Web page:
Overuse injuries in sport - Development, validation and application of a new surveillance method
Overuse injuries, defined as those without a specific, identifiable event responsible for their occurrence, may be a substantial problem in many sports. However, current surveillance methods in sports injury epidemiology studies, which rely heavily on time loss for injury definitions and severity measurement, may underestimate their true impact. This is because athletes often continue to participate in sport despite the existence of overuse injuries. The main aim of this dissertation was to develop a new method to record overuse injuries in sport, and to establish its validity by applying it in a number of different research settings
Methods: This dissertation is based on three separate research projects. In the first project (Papers I and II) we developed the new method, including a new overuse injury questionnaire, and applied it in a 13-week prospective study of injuries among 313 athletes from five different sports: crosscountry skiing, floorball, handball, road cycling and volleyball. Standard injury registration methods were also used to record all time-loss injuries that occurred during the study period. In the second project (Paper III), the new method was applied in a 30-week study of risk factors for shoulder injuries among 206 elite male handball players. In the third project (Paper IV), we modified the new method so it could be used to monitor all types of health problems, including acute injuries, overuse injuries and illnesses. It was then used in a 40-week prospective cohort study of 142 candidates for the Norwegian team at the 2012 Olympic and Paralympic Games.
Main Results: The new method captured over ten times as many overuse injuries as standard methods using a time-loss injury definition (Paper I). The area where overuse injuries had the greatest impact was the knee in volleyball where, on average, 36% of players had some form of complaint (95% CI: 32-39%) and 15% had substantial overuse problems (95% CI: 13-17%), defined as those leading to moderate or severe reductions in sports performance or participation, or time loss (Paper II). Shoulder injuries in handball were also prevalent. In paper III, the average prevalence of shoulder complaints was 28% (CI: 25% to 31%) and the average prevalence of substantial shoulder problems was 12% (CI: 11% to 13%). Significant associations were found between obvious scapular dyskinesis (OR 8.41, 95% CI: 1.47 to 48.1, p<0.05), total rotational motion (OR 0.77 per V 5° increase, 95% CI: 0.56 to 0.995, p<0.05) and external rotation strength (OR 0.71 per 10 Nm increase, 95% CI 0.44 to 0.99, p<0.05) and shoulder injury. In Paper IV, we found that an average of 36% of athletes had health problems during their preparation for the Olympic and Paralympic Games (95% CI: 34% to 38%), and 15% of athletes had substantial problems (95% CI: 14% to 16%). Overuse injuries represented 49% of the total burden of health problems, compared to illness (36%) and acute injuries (13%).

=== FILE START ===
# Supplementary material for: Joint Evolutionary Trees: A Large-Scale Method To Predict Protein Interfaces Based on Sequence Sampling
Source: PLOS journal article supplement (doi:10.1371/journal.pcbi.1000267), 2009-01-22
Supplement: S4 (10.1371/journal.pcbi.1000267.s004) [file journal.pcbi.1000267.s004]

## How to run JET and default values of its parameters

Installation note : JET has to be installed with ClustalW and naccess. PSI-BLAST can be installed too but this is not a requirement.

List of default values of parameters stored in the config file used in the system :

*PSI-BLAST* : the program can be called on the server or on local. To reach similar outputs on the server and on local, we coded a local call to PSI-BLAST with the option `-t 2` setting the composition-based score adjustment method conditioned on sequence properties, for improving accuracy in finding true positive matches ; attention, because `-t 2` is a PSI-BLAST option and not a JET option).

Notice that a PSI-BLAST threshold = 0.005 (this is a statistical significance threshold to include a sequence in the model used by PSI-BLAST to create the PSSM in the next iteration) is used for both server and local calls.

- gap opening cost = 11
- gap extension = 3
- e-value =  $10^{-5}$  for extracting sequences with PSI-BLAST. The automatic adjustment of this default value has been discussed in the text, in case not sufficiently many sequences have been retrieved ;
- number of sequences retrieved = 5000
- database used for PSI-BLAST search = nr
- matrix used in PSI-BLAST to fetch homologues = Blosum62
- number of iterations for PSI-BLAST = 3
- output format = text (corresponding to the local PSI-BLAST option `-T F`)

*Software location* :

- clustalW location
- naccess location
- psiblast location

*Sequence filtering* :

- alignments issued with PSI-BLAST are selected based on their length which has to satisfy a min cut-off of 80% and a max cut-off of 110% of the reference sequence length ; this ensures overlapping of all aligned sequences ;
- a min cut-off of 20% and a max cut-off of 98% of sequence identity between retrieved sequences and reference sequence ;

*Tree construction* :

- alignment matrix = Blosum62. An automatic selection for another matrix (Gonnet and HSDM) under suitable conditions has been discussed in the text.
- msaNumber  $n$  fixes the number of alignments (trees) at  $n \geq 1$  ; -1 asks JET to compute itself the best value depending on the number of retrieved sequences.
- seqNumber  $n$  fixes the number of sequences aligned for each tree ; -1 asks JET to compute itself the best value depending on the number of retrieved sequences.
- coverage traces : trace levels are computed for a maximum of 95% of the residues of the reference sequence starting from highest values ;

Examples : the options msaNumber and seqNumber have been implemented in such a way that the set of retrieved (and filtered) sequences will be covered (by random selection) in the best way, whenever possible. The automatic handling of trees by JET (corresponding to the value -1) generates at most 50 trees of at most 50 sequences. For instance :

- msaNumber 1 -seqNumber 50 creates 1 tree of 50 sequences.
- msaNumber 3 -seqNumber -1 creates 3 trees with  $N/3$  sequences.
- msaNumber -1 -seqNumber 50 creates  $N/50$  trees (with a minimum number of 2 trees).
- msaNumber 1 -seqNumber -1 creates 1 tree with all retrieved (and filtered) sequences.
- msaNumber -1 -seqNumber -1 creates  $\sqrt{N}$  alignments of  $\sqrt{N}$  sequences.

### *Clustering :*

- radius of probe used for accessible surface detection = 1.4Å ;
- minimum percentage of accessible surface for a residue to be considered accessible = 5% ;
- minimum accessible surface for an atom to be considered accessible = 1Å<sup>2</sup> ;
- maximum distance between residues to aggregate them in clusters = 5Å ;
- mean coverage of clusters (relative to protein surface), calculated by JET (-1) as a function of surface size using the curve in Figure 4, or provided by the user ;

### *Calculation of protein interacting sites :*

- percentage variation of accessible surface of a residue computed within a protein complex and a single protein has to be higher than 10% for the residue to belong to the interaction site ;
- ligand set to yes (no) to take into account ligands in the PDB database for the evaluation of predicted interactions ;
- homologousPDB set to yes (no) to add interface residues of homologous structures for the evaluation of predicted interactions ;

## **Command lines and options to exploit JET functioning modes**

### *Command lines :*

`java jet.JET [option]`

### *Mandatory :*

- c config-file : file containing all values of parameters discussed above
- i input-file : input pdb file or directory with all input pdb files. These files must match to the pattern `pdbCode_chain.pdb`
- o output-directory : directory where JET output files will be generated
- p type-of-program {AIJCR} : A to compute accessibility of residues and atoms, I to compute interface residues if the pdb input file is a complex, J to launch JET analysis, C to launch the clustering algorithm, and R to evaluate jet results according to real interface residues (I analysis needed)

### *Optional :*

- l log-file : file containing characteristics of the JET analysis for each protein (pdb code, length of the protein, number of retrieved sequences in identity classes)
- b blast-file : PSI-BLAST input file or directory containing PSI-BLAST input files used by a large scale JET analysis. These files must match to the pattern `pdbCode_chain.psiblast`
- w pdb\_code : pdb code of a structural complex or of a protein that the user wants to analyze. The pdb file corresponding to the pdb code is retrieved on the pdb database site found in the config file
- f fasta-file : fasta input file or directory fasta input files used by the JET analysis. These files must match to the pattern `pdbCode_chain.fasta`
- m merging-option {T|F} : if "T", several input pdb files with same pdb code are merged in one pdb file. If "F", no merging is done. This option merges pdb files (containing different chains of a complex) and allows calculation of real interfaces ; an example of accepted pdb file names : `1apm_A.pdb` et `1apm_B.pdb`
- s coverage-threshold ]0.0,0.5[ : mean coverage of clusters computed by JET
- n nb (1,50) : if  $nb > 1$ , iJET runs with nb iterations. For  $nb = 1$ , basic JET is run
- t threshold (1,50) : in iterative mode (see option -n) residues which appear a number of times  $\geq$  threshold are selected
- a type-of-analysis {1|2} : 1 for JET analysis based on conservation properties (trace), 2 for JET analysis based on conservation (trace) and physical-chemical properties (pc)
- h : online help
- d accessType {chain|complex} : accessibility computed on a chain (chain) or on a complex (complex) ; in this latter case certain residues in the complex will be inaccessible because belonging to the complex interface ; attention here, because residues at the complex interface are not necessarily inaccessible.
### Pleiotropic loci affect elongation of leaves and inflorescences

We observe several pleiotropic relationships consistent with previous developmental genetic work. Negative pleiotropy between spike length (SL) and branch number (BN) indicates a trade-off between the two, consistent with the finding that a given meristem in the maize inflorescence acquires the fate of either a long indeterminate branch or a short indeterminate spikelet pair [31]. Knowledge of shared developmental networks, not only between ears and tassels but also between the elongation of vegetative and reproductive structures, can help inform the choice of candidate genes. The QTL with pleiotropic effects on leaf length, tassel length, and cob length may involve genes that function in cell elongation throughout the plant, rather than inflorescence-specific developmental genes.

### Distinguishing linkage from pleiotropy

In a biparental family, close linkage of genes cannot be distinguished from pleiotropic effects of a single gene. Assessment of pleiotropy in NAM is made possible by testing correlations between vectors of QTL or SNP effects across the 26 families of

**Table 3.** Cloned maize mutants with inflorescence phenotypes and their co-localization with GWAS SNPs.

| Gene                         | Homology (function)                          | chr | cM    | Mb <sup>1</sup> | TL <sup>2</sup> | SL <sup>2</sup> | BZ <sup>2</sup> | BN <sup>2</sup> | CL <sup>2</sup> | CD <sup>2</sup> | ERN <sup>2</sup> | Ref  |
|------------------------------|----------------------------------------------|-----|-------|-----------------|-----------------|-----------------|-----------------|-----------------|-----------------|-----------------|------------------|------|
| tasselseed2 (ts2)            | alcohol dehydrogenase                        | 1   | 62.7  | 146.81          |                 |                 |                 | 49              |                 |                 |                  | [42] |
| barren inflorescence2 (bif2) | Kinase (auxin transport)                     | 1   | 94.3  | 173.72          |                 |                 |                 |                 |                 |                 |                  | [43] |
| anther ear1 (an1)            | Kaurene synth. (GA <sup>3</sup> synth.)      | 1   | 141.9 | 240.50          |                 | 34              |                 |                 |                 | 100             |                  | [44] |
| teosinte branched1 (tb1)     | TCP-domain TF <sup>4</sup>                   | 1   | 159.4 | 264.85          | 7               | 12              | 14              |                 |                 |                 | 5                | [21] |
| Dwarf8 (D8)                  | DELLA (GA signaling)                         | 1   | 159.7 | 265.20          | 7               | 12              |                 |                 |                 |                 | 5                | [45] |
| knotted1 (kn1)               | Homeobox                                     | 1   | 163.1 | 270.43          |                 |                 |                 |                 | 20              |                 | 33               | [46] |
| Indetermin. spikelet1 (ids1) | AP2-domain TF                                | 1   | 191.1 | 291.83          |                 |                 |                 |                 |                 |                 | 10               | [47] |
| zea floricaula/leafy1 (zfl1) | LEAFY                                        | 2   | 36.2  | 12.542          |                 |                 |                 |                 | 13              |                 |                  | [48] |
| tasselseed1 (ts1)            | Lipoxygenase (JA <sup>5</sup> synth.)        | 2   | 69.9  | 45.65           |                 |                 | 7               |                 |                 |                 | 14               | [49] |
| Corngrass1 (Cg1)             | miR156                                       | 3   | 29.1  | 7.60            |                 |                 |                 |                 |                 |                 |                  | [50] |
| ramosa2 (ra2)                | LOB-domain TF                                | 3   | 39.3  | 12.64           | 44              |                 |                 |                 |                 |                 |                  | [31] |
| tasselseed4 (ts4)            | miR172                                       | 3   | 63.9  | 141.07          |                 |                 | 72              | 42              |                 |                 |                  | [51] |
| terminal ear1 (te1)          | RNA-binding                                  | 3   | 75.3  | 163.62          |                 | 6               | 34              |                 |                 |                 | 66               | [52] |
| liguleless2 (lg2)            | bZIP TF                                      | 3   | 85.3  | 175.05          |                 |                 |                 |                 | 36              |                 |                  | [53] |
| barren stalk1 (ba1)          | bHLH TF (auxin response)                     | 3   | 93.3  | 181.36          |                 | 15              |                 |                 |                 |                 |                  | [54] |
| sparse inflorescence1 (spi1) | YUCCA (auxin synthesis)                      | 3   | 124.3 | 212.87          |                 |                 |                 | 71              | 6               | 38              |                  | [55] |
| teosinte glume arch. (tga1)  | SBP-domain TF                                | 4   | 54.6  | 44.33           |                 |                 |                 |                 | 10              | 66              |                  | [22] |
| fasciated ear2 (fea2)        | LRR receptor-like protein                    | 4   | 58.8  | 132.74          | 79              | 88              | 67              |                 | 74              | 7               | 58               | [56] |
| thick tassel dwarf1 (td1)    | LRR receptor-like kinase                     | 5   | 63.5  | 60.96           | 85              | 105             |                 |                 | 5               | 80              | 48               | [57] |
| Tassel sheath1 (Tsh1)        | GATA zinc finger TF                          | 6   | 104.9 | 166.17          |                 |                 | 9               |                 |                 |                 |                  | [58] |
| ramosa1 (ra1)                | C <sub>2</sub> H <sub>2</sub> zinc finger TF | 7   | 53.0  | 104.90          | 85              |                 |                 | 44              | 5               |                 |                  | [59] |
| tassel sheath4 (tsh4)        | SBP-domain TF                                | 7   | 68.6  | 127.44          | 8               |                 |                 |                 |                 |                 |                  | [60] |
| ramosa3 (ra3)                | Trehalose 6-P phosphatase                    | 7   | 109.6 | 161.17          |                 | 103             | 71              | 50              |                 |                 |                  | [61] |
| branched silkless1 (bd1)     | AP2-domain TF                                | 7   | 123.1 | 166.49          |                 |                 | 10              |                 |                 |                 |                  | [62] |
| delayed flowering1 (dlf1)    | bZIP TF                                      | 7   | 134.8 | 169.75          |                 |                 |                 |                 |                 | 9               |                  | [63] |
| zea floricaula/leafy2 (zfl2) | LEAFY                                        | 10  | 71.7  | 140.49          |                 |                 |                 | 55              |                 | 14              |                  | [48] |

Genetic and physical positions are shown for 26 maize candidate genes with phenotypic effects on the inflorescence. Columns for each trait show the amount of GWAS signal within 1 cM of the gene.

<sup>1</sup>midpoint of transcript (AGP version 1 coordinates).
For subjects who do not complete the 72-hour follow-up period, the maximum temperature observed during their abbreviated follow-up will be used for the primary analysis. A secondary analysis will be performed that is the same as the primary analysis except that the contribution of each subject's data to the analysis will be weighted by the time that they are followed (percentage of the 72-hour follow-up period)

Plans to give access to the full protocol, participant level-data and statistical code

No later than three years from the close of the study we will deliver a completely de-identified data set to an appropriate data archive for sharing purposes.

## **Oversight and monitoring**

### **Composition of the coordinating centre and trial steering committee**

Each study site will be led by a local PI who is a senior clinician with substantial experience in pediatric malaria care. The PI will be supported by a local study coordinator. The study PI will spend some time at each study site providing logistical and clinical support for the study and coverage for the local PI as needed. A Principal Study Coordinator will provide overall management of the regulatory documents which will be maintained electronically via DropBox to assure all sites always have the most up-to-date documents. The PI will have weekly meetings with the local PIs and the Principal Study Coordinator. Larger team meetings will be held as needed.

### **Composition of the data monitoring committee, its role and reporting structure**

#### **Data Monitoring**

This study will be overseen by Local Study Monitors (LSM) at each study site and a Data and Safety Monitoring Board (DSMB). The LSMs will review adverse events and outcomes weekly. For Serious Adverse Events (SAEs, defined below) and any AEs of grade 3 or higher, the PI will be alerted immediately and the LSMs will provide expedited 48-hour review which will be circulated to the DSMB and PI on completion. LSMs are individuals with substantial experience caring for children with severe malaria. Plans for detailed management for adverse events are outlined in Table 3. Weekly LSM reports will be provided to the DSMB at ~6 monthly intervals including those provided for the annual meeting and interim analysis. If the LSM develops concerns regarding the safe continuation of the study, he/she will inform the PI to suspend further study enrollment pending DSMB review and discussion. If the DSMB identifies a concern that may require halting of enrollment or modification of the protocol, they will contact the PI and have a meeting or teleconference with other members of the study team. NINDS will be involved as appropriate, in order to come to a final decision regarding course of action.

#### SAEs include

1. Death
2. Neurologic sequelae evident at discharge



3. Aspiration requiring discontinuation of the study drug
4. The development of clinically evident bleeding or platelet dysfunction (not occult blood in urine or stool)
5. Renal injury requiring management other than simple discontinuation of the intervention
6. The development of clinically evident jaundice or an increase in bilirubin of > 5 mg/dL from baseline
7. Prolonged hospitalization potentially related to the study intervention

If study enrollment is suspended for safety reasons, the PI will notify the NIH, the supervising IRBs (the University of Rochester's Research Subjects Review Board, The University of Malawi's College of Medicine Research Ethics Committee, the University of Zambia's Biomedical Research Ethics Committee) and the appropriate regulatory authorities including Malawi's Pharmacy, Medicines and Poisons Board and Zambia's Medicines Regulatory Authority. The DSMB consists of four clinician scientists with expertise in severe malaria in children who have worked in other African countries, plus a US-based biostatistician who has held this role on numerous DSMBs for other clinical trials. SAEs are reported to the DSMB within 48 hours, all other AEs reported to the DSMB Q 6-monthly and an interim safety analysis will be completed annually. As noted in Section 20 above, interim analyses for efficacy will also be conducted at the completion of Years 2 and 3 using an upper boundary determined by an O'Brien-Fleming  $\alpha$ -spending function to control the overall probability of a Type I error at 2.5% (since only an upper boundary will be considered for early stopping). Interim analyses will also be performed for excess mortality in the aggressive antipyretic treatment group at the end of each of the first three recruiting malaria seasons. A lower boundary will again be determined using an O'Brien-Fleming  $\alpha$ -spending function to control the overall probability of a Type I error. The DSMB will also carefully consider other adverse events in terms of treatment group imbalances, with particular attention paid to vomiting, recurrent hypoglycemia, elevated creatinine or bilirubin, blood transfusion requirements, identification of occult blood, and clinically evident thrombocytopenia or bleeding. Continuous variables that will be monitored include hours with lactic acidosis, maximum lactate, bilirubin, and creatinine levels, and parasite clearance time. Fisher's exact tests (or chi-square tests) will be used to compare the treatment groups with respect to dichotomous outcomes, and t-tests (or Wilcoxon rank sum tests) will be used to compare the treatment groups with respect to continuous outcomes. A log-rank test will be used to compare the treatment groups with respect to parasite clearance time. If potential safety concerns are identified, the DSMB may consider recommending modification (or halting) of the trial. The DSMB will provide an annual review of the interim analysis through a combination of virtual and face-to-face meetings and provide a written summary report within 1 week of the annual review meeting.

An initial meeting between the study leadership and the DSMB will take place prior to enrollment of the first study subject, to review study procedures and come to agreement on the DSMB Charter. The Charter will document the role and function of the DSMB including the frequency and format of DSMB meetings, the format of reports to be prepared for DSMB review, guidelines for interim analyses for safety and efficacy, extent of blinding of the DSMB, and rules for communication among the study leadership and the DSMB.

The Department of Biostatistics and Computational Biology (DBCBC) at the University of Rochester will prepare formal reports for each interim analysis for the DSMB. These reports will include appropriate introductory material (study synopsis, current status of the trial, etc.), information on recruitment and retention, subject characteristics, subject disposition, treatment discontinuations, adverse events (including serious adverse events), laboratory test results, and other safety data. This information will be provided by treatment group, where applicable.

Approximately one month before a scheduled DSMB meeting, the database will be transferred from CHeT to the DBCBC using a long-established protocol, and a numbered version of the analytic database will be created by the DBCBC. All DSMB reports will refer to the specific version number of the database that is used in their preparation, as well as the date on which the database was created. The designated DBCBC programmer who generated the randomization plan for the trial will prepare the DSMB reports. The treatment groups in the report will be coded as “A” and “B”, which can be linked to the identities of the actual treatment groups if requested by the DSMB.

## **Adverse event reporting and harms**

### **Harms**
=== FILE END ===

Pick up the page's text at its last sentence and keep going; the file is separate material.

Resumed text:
Conclusions: The new method has good face, content and construct validity to record the full extent of overuse problems in sport, and we have demonstrated that it is feasible to apply the method successfully in studies of elite Norwegian athletes. We identified particular problem areas in a number of sports, such as the knee in volleyball and the shoulder in handball, for which continued injury prevention research focus is warranted. In the case of shoulder injuries in handball, injury prevention programs should address glenohumeral joint range of motion, external rotation weakness and scapular dyskinesis. The new method can be used to monitor not only overuse injuries, but also acute injuries and illnesses in heterogeneous groups of elite athletes.
© Copyright 2014 Published by The Norwegian School of Sport Sciences. All rights reserved.
|Subjects:||injury handball damage load elite sport interview prophylaxis investigation method|
|Notations:||training science sport games biological and medical sciences|
|Editors:||Oslo Sports Trauma Research Center|
The Norwegian School of Sport Sciences